Since its inception, the loading speed of websites and apps has gotten so much faster. We get content faster, and for many of us, our tolerance for slow internet is questionable at best. Amazon found that slow loading speed directly affects their bottom line, people don’t want to wait.
Please Load Faster
Picture this, you’re in a car, bur or train, going somewhere, and you’re looking on your phone. And then nothing seems to load, you click something and nothing happens. And you think to yourself “I’m doing this wrong,. Panic!”
We get used to the speed in which things load, and quickly get that “please load faster” feeling. For many of us this is just a minor inconvenience.
However, as more public services and access to the world has gone online, for some of us it can be more detrimental to lose or have slow internet. This became abundantly clear in the pandemic, when businesses and schools went remote.
Time Is Money
Several years ago Amazon calculated the price of loading speed, and found that for every 1 second of loading time, they could potentially lose 1,6 billion in sales each year. At risk of sounding alarmist, asking people wait for content to load can literally costs businesses.
Amazon’s sales may not comparative with all online sales, but it shows a value that speaks to why speed can matter. Google also estimated in 2016 that “53% of mobile users abandon sites that take over 3 seconds to load”.
Optimizing For Google
One of the major factor in visibility, both in SEO and SEM, is the loading speed of your websites and landing pages.
In 2018 Google made a big push for this when it announced how important loading speed would become, to its algorithm, when determining the ads and content for its mobile users. Now when someone Googles from their phone, they are more likely to interact with results that load in less than 3 seconds.
Along with good content, SEO and accessibility, the website loading speed can now be considered one of the most important aspects to rank high and be found by the right audience at the right time.
Simple Fast Loading Designs
This is why, for me, optimizing websites for fast loading speed is so interesting for me, it seems like one of those things you can do to get “Big bang for your buck”.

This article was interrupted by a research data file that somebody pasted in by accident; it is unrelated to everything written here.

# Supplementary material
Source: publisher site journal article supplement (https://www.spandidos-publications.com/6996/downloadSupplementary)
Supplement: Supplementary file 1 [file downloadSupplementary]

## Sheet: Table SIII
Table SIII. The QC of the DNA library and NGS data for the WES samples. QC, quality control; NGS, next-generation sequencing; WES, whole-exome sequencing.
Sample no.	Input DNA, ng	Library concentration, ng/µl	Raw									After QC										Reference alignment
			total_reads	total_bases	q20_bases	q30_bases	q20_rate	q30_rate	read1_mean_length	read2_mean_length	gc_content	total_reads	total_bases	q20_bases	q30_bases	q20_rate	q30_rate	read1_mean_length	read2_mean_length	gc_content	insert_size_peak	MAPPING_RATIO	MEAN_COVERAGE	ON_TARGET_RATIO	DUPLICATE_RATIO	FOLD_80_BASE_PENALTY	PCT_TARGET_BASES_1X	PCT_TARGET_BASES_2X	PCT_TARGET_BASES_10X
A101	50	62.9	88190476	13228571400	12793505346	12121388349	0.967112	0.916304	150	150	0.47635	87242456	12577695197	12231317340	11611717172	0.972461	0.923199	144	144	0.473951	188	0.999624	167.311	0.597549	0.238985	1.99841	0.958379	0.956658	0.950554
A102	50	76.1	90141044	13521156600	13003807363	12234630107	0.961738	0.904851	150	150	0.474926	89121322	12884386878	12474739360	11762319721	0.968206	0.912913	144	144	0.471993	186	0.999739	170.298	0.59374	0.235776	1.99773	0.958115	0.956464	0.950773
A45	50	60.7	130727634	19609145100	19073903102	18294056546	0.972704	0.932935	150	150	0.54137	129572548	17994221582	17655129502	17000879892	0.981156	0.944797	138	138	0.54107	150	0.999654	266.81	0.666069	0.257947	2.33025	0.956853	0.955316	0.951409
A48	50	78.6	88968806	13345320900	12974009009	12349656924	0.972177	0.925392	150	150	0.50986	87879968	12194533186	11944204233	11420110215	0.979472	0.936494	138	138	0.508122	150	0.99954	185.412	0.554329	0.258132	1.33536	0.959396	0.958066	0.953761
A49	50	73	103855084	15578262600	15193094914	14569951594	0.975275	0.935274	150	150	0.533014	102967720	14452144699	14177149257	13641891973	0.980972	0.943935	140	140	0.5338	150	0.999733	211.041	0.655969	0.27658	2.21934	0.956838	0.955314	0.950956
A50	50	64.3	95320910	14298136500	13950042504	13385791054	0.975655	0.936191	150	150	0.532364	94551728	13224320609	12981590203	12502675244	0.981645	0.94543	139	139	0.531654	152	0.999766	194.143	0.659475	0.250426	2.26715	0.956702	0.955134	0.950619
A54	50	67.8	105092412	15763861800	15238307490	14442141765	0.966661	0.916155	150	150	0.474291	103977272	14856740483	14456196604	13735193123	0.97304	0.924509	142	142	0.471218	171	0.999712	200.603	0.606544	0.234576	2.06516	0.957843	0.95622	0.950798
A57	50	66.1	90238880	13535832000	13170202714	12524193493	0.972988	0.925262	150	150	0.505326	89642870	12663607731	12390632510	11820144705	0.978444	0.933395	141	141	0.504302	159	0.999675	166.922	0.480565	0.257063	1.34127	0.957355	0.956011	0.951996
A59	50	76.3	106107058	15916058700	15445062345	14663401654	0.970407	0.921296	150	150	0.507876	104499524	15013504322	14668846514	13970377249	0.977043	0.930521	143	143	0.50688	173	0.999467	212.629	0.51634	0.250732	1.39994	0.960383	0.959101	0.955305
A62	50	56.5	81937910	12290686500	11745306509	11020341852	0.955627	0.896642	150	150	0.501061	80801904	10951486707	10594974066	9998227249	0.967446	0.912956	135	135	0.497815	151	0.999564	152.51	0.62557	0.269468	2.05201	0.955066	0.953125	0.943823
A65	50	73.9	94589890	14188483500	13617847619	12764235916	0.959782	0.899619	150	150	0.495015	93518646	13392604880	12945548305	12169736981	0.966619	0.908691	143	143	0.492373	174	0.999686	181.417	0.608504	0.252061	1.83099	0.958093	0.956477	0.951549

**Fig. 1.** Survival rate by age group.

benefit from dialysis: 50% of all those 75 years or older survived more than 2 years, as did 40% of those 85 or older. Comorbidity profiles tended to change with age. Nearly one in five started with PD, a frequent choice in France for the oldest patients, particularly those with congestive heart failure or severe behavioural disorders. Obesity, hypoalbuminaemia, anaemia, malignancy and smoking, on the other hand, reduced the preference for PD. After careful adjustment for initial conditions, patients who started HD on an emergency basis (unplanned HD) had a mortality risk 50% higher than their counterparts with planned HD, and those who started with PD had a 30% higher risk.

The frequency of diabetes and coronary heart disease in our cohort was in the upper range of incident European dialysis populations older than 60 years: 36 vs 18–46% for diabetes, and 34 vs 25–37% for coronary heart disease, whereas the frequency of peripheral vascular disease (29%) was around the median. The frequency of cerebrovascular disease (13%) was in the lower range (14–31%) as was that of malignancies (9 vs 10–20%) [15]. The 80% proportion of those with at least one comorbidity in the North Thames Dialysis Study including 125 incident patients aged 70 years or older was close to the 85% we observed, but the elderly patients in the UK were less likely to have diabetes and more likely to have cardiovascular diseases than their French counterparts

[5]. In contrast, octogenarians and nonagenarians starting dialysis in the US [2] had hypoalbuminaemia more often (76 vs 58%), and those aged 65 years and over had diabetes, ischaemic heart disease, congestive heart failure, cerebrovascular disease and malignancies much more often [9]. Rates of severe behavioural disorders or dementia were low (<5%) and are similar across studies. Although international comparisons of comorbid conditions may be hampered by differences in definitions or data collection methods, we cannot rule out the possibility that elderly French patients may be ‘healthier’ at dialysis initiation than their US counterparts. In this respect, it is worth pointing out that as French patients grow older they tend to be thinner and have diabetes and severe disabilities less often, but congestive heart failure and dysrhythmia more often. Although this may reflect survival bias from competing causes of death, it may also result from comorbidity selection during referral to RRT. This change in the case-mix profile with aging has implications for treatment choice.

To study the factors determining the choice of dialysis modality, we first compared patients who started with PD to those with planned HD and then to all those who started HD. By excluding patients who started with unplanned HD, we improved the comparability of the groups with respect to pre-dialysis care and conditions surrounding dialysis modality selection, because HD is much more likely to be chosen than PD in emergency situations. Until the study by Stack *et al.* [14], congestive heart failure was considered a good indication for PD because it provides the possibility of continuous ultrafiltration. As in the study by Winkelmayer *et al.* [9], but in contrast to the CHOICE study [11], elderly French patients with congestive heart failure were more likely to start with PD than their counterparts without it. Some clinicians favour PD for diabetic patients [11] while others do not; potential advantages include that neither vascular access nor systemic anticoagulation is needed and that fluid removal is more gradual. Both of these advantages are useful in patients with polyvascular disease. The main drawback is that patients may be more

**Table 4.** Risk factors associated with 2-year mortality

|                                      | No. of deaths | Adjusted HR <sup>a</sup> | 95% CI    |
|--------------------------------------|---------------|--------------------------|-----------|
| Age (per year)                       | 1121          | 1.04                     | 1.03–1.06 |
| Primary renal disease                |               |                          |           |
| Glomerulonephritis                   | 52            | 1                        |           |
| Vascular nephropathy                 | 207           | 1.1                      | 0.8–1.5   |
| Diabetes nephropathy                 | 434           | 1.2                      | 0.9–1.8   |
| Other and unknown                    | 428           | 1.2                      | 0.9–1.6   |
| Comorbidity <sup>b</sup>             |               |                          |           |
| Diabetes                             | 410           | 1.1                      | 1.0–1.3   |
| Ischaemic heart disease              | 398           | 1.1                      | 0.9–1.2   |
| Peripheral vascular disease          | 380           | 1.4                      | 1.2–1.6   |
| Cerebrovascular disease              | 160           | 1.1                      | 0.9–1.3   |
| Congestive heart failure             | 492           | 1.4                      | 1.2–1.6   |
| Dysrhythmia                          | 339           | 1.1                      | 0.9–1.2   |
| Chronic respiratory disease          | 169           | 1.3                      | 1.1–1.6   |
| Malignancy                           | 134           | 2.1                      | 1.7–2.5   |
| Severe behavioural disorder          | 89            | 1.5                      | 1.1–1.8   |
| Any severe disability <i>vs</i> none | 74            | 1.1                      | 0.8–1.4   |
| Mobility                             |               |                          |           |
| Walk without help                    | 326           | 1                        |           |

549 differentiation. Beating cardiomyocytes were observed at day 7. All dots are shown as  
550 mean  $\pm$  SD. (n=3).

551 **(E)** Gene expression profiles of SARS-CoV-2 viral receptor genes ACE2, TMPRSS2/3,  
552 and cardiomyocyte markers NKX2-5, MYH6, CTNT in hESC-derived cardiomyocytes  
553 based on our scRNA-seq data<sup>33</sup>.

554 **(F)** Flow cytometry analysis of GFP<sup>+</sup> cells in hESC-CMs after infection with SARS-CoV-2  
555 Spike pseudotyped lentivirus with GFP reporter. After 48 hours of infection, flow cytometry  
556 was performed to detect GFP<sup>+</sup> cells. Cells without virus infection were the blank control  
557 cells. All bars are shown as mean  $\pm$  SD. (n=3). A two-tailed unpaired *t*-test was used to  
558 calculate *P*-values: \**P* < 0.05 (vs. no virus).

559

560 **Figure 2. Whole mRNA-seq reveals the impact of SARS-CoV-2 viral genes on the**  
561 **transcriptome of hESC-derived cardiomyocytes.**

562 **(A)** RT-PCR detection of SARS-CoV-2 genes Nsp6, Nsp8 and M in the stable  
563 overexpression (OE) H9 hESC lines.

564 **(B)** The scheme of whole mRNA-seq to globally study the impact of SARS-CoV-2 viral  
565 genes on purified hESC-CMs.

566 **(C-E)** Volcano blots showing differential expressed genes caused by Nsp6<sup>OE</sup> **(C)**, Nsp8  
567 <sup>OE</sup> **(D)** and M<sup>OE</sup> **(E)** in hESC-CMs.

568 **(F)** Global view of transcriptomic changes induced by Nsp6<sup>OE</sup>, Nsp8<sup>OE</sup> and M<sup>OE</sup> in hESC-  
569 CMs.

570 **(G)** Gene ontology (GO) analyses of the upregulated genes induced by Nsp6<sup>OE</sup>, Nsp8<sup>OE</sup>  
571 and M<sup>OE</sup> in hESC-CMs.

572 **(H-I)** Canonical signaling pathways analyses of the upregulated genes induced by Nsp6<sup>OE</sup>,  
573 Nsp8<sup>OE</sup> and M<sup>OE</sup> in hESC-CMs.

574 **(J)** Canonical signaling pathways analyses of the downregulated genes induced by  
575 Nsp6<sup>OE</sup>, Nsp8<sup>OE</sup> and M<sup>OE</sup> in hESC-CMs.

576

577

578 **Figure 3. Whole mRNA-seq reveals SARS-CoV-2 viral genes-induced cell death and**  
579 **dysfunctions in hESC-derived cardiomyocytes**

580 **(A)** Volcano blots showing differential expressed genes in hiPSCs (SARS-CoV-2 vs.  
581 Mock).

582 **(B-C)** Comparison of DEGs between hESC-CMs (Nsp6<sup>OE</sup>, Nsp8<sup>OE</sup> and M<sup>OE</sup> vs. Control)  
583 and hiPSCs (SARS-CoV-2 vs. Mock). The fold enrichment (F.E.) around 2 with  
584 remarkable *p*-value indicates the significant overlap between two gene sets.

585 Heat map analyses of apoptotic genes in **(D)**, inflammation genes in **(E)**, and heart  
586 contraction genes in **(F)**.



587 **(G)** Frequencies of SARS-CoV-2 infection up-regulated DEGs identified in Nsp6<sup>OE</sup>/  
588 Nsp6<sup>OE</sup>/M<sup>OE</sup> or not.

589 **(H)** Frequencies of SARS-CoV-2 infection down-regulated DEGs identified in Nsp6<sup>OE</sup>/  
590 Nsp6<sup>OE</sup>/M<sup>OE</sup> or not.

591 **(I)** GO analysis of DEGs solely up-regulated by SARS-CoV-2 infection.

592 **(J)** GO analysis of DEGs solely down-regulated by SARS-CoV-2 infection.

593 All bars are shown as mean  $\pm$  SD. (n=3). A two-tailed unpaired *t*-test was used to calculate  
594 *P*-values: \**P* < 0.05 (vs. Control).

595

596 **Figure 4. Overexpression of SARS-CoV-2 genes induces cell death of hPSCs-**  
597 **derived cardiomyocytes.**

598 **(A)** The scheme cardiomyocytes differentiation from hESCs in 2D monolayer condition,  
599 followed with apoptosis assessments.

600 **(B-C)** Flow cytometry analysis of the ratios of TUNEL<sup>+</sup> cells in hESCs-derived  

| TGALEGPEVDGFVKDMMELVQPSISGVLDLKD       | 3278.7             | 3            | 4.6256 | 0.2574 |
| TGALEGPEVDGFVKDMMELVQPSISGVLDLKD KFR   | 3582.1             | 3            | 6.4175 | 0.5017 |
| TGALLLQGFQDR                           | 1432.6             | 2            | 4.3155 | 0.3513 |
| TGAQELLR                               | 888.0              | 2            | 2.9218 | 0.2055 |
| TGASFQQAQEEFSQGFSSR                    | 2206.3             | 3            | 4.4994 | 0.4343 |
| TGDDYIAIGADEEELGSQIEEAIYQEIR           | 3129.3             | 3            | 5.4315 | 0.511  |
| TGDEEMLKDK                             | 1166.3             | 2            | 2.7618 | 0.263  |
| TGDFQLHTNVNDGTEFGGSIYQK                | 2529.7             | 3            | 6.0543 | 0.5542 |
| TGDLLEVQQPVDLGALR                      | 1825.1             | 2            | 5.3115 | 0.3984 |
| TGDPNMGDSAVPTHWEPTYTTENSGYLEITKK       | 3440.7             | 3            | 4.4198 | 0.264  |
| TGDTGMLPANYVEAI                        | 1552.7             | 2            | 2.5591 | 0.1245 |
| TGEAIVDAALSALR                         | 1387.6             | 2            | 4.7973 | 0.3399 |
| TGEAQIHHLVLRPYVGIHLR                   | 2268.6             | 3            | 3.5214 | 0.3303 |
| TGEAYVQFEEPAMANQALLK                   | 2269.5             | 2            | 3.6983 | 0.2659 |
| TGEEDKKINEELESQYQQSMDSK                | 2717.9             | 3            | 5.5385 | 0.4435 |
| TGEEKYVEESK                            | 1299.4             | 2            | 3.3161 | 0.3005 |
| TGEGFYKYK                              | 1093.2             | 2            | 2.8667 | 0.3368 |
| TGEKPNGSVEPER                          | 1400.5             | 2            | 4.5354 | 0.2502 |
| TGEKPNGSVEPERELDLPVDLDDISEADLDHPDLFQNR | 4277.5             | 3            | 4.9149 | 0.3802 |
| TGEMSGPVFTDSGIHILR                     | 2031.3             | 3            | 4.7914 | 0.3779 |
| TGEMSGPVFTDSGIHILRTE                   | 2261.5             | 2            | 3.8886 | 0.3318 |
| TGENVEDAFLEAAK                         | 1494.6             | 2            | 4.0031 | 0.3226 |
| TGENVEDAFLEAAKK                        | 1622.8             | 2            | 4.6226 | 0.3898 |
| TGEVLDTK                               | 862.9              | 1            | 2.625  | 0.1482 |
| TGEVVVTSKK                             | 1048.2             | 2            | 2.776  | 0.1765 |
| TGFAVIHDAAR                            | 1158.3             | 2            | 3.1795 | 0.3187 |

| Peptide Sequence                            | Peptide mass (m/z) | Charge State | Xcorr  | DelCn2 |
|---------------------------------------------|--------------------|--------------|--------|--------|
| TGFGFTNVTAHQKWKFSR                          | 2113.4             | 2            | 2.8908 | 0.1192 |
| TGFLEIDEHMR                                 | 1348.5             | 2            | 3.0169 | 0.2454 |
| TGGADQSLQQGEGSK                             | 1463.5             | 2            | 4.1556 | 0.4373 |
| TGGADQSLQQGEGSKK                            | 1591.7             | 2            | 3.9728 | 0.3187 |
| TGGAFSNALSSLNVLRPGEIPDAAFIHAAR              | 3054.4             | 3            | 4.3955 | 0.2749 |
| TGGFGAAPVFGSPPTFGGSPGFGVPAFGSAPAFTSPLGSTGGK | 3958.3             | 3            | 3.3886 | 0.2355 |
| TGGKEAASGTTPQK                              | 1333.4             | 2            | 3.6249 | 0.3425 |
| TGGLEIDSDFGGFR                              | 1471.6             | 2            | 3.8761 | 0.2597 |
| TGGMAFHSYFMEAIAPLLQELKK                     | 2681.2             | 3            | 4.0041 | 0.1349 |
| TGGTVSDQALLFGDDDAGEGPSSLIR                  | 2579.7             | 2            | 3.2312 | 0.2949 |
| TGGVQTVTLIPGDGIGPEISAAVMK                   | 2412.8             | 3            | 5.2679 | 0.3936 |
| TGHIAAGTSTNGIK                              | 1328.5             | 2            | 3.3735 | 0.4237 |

When working with Elementor, I find that I get so excited about animations and movement in web design. Whilst pleasant to look at, I have to constantly remind myself that it won’t be presented so snappy for many visitors from different locations. And I’ve become more aware how I’ve unintentionally have slowed down loading speed.
Most of my learning so far as been through Google’s PageSpeed Insights and Fast or Slow. Getting helpful tips on how to improve speed, and directly seeing the results on a global scale.
My momentary bliss is from the latest WordPress update, in which they added support for WebP next-gen images. These can sometimes be 90% smaller than more traditional formats such as JPEG and PNG, and I can confirm I’ve been able to see a big difference.
Apple added support for WebP in iOS 14, released September 16, 2020, and with that became the latest to provide this support. Following Chrome, Firefox and Edge.
Smarter people, who know much more than me, have told me much of fast loading will come from cashing on the server side. Because this is not my area of expertise, I can’t much go into detail, but this is how I understand it.
Instead of having to reload content upon request, servers have content pre-loaded. It means it’s less flexible for design and content updates, but will drastically improve loading speed by having it one step closer to the user. I have been recommended CloudFlare and Kinsta.
Personally I believe that finding the right balance between a fast loading speed, and high quality content, is a continuously practiced as innovations to technology enter the market.